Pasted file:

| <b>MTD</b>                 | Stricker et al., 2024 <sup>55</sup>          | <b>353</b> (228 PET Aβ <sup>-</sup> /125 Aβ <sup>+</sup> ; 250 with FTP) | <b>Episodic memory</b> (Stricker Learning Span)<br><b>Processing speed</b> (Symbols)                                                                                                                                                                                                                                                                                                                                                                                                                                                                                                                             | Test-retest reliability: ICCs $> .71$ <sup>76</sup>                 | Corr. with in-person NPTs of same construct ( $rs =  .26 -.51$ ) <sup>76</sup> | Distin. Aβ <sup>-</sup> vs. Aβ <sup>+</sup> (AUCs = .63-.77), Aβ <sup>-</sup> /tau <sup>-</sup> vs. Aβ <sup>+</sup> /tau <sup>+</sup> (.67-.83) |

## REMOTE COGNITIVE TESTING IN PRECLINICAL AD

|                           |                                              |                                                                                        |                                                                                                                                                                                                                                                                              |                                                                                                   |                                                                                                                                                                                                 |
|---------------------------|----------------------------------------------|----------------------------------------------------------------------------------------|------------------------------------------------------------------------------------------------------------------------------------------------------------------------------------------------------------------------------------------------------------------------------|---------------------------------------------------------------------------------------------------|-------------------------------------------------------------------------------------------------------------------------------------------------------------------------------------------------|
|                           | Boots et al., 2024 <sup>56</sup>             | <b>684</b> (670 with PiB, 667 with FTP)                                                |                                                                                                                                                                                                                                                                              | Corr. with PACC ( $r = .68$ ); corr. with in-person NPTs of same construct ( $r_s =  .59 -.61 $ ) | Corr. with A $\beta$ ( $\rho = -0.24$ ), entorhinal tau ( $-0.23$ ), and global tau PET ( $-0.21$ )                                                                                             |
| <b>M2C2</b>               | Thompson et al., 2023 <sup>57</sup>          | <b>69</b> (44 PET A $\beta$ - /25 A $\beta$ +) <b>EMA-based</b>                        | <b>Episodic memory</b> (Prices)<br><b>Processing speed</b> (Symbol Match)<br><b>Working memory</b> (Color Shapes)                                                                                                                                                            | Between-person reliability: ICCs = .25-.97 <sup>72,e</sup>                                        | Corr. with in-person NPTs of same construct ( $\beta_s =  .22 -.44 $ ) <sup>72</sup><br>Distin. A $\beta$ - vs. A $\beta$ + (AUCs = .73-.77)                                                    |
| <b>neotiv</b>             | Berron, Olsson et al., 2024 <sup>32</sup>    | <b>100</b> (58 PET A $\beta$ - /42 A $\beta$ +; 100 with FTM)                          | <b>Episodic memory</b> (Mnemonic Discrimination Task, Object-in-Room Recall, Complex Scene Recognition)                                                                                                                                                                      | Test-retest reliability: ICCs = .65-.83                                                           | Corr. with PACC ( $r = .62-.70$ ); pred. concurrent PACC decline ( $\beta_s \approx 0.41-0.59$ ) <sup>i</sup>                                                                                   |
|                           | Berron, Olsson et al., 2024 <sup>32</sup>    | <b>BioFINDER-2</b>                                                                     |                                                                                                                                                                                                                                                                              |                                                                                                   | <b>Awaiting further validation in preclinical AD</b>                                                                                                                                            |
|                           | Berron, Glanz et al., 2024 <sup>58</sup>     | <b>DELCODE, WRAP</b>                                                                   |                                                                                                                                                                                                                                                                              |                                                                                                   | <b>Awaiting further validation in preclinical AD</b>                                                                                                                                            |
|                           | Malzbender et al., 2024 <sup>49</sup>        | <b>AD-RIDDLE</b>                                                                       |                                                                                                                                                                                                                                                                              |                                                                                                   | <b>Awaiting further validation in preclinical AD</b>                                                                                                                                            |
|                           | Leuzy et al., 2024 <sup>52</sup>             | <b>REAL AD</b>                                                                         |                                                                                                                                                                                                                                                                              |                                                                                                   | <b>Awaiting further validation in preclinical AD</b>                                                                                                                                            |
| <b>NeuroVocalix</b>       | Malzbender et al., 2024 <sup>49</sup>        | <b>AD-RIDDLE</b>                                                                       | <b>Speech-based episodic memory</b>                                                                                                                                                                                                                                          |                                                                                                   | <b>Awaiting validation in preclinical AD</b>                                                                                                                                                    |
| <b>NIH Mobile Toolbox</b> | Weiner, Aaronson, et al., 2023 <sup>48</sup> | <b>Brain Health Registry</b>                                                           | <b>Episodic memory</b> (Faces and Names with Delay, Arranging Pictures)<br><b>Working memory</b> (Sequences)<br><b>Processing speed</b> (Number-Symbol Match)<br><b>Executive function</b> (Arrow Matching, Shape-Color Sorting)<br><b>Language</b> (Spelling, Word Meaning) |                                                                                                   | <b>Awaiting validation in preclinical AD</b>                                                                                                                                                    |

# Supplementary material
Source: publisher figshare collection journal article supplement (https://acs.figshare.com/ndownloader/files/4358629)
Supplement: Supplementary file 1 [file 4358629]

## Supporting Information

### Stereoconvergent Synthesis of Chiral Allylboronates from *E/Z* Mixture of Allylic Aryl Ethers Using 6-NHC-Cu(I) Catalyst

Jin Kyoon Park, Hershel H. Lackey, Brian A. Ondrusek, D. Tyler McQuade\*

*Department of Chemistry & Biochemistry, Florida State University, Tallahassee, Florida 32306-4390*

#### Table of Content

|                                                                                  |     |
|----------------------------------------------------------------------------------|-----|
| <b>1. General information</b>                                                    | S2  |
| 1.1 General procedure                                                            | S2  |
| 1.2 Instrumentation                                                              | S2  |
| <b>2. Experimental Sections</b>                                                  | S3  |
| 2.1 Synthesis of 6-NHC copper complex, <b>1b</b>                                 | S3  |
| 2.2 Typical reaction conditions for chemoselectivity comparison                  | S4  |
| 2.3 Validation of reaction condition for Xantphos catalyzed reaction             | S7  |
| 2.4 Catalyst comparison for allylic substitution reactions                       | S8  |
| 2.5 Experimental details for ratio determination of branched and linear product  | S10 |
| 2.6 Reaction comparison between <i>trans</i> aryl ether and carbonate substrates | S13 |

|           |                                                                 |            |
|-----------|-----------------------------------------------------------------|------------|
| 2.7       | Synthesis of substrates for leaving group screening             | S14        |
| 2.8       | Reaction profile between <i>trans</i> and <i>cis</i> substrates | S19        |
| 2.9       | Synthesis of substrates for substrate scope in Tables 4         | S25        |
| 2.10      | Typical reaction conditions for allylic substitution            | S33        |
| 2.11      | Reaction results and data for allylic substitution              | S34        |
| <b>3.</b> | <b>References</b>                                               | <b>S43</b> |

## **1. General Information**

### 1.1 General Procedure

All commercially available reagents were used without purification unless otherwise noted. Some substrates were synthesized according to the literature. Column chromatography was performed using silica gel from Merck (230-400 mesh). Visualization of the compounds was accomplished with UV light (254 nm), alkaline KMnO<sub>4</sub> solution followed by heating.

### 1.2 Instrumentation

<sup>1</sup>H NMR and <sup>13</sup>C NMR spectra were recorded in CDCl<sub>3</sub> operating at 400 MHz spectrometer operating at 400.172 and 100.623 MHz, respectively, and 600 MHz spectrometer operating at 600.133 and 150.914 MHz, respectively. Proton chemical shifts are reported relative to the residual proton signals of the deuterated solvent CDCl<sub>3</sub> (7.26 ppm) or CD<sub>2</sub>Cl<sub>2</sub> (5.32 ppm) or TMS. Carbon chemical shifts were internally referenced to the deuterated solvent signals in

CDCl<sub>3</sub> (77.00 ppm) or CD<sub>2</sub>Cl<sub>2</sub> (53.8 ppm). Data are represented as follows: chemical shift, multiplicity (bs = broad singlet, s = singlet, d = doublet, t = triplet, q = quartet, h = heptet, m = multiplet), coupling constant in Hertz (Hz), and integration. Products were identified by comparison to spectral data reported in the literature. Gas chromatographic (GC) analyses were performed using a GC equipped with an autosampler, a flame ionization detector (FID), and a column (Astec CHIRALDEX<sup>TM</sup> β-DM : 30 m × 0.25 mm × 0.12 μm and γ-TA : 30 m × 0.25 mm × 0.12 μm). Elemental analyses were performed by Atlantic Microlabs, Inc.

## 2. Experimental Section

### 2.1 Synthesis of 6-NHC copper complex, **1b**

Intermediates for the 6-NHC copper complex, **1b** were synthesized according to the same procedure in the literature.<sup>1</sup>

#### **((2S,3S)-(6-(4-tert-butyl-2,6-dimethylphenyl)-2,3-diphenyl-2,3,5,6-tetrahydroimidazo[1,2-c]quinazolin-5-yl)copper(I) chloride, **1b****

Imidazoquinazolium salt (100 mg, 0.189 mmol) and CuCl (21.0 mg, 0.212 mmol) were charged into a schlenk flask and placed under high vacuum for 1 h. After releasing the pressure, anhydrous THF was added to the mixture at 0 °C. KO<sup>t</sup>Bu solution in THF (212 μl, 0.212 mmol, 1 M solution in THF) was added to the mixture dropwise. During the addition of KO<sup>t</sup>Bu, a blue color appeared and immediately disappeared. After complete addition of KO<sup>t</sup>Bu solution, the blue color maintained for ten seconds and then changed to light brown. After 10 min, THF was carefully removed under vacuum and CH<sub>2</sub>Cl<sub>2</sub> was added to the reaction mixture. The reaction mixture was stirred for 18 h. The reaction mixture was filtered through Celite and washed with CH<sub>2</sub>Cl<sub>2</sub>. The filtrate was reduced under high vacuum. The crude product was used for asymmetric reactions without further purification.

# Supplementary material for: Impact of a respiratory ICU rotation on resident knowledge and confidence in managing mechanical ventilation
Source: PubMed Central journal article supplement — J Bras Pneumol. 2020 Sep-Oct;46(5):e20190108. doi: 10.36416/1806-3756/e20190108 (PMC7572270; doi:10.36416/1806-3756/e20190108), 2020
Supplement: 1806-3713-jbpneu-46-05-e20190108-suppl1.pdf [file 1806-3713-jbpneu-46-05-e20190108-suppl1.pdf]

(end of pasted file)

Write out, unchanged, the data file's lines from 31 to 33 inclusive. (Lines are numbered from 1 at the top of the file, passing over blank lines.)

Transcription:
| 2.4 Catalyst comparison for allylic substitution reactions                       | S8  |
| 2.5 Experimental details for ratio determination of branched and linear product  | S10 |
| 2.6 Reaction comparison between <i>trans</i> aryl ether and carbonate substrates | S13 |